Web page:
Neurodevelopment and Improving Children’s Health following Environmental Tobacco Smoke (ETS) exposure (NICHES)
Center Location: Durham, NC
Public Health Impacts: Nearly half of the world’s children are exposed to environmental tobacco smoke (ETS), and this exposure is a major risk factor for attention deficit hyperactivity disorder (ADHD). The NICHES Children’s Center is performing studies to determine how ETS exposure during early life impacts a child’s risk of developing ADHD. This research is expected to improve the understanding of environmental factors associated with ADHD, and identify new targets for developing treatments.
Primary Environmental Exposures: ETS
Primary Health Outcomes: ADHD, neurobehavioral dysfunction, and epigenetics
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Principal Investigators: Susan Murphy, Ph.D.
Pediatric Health Specialist: Scott Kollins, Ph.D.
Specialties: Clinical psychology
Project 1 Leader: Bernard F. Fuemmeler, Ph.D.
Project 2 Leader: Edward Levin, Ph.D.
Project 3 Leader: Susan Murphy, Ph.D.
Community Outreach & Translation Core Leader: Rochelle Schwartz-Bloom
Faculty Development Investigator: Julia Schechter, Ph.D.
Center Description & Activities
The NICHES Children’s Center seeks to understand how ETS exposure increases the risk of ADHD through epigenetic alterations. Epigenetic changes modify gene expression without changing the genetic code. Researchers are studying data that comes from children participating in the Newborn Epigenetics Study (NEST), which is following the children of more than 2,500 women who were recruited during pregnancy.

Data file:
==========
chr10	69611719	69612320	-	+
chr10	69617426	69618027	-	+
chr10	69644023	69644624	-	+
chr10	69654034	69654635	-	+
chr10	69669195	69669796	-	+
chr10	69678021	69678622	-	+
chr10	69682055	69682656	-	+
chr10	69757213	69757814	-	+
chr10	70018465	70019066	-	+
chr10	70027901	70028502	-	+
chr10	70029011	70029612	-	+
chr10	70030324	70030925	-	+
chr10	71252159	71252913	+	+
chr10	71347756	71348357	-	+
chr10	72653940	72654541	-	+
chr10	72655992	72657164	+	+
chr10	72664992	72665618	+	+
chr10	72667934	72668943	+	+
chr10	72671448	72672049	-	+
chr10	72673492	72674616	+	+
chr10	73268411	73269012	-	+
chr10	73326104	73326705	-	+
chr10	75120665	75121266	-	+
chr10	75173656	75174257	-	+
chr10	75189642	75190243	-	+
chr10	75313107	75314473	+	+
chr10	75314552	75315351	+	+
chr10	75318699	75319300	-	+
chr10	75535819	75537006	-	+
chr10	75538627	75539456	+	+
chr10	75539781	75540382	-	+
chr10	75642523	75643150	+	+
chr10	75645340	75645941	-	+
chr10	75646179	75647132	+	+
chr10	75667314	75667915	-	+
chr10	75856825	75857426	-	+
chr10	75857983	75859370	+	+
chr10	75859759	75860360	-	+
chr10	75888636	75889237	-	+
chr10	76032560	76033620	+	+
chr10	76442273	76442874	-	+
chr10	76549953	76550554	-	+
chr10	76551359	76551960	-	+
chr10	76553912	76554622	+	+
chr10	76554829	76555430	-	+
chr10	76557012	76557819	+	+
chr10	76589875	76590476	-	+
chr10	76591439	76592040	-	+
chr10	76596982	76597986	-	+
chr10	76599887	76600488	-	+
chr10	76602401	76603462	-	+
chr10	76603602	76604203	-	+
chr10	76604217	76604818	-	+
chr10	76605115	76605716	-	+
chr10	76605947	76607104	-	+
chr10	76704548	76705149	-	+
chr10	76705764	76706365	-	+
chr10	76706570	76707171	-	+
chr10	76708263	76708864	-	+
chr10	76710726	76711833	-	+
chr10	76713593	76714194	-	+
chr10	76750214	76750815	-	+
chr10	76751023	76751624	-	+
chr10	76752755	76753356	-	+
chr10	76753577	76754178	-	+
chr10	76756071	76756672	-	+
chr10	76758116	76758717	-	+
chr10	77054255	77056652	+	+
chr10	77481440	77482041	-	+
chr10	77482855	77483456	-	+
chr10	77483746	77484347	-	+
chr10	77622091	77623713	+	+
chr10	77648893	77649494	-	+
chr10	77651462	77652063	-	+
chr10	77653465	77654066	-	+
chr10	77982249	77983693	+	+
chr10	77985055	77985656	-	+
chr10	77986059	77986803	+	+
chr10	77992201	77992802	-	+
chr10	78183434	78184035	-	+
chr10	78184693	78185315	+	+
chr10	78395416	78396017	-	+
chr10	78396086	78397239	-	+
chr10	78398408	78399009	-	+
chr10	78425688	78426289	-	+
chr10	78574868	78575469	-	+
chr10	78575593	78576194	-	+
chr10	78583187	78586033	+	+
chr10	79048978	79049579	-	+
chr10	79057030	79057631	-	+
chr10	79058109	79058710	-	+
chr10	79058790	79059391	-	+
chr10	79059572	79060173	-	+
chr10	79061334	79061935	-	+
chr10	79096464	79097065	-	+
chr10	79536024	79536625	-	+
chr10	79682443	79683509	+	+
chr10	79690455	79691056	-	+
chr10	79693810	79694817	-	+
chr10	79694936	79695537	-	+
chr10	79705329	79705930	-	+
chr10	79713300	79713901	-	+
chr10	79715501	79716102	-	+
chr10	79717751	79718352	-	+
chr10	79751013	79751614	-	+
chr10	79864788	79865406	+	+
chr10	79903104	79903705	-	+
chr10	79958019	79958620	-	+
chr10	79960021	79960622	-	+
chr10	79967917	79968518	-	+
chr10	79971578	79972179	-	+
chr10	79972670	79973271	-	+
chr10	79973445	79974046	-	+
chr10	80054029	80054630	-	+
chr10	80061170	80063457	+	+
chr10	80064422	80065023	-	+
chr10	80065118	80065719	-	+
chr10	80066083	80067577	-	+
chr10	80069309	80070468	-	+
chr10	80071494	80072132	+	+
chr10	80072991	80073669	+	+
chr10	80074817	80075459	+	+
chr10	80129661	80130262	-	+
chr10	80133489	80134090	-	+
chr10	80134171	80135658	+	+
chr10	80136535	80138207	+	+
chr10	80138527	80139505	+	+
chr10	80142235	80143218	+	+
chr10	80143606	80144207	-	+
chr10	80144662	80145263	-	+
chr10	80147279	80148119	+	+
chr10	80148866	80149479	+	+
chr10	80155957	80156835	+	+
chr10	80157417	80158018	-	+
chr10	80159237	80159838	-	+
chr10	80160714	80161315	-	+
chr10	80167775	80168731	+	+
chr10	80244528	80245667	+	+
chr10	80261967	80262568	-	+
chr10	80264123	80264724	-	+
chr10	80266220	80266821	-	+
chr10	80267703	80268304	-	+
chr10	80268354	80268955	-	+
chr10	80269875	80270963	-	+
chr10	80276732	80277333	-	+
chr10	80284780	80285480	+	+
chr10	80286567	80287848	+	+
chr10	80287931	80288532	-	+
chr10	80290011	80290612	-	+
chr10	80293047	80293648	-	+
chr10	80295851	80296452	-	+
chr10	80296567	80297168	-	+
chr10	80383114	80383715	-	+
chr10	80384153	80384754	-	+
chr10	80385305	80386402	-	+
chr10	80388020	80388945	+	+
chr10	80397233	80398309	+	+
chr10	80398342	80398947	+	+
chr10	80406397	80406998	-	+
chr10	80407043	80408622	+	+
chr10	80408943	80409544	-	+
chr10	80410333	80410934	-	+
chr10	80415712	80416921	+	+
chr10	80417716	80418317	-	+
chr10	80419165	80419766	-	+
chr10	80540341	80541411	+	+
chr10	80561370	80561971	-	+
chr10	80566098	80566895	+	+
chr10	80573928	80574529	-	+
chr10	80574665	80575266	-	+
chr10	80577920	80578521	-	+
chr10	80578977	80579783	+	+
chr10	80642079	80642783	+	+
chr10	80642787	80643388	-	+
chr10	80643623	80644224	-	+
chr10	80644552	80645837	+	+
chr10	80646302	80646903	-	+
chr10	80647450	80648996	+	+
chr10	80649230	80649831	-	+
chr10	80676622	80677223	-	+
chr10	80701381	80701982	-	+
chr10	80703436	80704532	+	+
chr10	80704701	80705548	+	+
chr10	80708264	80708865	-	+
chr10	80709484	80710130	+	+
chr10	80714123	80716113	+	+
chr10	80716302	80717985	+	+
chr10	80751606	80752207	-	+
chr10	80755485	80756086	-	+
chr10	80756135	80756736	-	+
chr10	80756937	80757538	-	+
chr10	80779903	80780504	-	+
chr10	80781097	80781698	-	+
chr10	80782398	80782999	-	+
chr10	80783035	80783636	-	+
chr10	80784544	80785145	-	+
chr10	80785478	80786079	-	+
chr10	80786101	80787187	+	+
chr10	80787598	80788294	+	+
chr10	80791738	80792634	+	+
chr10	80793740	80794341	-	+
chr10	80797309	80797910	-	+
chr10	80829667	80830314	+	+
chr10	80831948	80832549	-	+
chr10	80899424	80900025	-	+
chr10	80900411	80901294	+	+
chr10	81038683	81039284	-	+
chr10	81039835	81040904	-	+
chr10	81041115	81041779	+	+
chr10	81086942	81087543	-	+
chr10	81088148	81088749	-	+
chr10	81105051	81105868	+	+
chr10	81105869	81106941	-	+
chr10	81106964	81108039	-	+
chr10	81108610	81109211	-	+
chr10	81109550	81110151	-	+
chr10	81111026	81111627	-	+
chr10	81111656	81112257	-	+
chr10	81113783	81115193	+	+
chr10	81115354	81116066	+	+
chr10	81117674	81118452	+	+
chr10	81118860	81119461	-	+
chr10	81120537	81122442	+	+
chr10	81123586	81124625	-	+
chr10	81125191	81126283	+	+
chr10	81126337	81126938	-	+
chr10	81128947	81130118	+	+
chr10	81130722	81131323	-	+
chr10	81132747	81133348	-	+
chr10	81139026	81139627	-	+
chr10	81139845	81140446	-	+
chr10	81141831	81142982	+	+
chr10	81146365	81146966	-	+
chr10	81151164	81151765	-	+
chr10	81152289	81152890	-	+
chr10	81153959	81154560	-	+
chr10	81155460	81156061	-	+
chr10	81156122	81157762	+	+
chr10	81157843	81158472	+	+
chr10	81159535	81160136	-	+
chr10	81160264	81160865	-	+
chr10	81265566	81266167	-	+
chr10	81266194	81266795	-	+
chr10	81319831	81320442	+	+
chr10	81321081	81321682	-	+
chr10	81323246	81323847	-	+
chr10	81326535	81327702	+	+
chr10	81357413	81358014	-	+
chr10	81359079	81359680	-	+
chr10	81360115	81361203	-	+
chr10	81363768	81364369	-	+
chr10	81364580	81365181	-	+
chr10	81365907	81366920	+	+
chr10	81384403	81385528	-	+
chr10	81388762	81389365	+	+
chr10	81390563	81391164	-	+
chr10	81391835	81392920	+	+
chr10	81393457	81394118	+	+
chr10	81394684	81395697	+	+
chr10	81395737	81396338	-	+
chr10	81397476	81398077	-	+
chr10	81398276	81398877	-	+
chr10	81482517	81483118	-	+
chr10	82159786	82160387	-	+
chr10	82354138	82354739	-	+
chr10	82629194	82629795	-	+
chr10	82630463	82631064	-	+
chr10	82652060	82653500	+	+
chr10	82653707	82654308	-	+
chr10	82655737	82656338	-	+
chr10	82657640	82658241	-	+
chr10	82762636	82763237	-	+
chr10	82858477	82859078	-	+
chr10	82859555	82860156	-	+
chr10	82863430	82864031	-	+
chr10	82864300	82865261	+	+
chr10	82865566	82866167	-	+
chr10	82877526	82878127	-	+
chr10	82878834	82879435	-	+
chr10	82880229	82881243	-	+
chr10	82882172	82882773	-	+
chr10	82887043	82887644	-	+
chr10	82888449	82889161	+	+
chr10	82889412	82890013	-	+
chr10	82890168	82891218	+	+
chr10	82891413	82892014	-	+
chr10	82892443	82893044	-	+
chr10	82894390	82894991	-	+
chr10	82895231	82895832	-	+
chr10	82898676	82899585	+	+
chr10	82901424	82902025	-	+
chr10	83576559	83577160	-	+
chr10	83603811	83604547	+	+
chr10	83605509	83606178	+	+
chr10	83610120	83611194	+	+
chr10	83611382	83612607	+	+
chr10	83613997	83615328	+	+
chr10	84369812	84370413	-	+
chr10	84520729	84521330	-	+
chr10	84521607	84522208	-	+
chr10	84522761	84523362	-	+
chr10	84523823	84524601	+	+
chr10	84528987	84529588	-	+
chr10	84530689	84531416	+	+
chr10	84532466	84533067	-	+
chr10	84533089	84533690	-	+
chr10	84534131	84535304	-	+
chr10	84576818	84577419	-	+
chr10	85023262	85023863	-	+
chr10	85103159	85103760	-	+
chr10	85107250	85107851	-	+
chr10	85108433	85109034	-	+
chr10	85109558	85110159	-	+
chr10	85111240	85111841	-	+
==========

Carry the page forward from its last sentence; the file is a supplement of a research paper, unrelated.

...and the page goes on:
The center integrates animal, cell, and clinical studies to identify how epigenetic changes caused by developmental ETS exposure are expressed in the brain and how these changes influence neurobehavioral dysfunction in children. Center members will determine whether these changes are also detectable in the blood as part of an effort to discern an epigenetic signature of developmental ETS exposure. Center work may result in development of clinically-relevant biomarkers and/or targets for development of novel treatments. The center shares its findings to inform the public about the risks of environmental tobacco smoke exposure on the health of pregnant women, children, and potentially future generations.
Project 1: Tobacco Smoke Exposure, Epigenetics, and Cognitive Deficits in Children
Project Leader: Bernard F. Fuemmeler, Ph.D.
This project combines biological and behavioral data to evaluate the associations of ETS exposure on cognitive and neurobehavioral outcomes across early development and examines the role of exposure-induced DNA methylation changes on these outcomes. The data comes from children participating in NEST.
Project 2: Mechanisms of Neurobehavioral Dysfunction from Developmental Nicotine and Tobacco
Project Leader: Edward Levin, Ph.D.
Using rat models and cultured neuronal cells, researchers are studying how early life ETS exposure affects the development of neurons, neural circuits, and behavior. This project will model nicotine and smoke exposure during development to see how they affect attention, memory, and impulsiveness, as assessed in project 1.
Project 3: Epigenomic Consequences of Early Life Environmental Tobacco Smoke Exposure
Project Leader: Susan Murphy, Ph.D.
The placenta serves as a key organ for defining the environment encountered by a developing fetus. In this project, researchers are using advanced techniques to examine epigenetic and gene expression alterations in the placenta in relation to exposure and health outcomes. Epigenetic changes modify gene expression without changing the genetic code.
Community Outreach & Translation Core
Core Leader: Rochelle Schwartz-Bloom
The Community Outreach and Translation Core (COTC) plans to translate the center’s findings using a social-media approach that engages the community stakeholders in the development of the communication materials. The goal of this science education approach is to help the public grasp the importance of the impact of exposure to toxins such as environmental tobacco smoke on the health of their children so that they can make appropriate decisions to abstain from smoking tobacco products and to avoid exposure to others who smoke.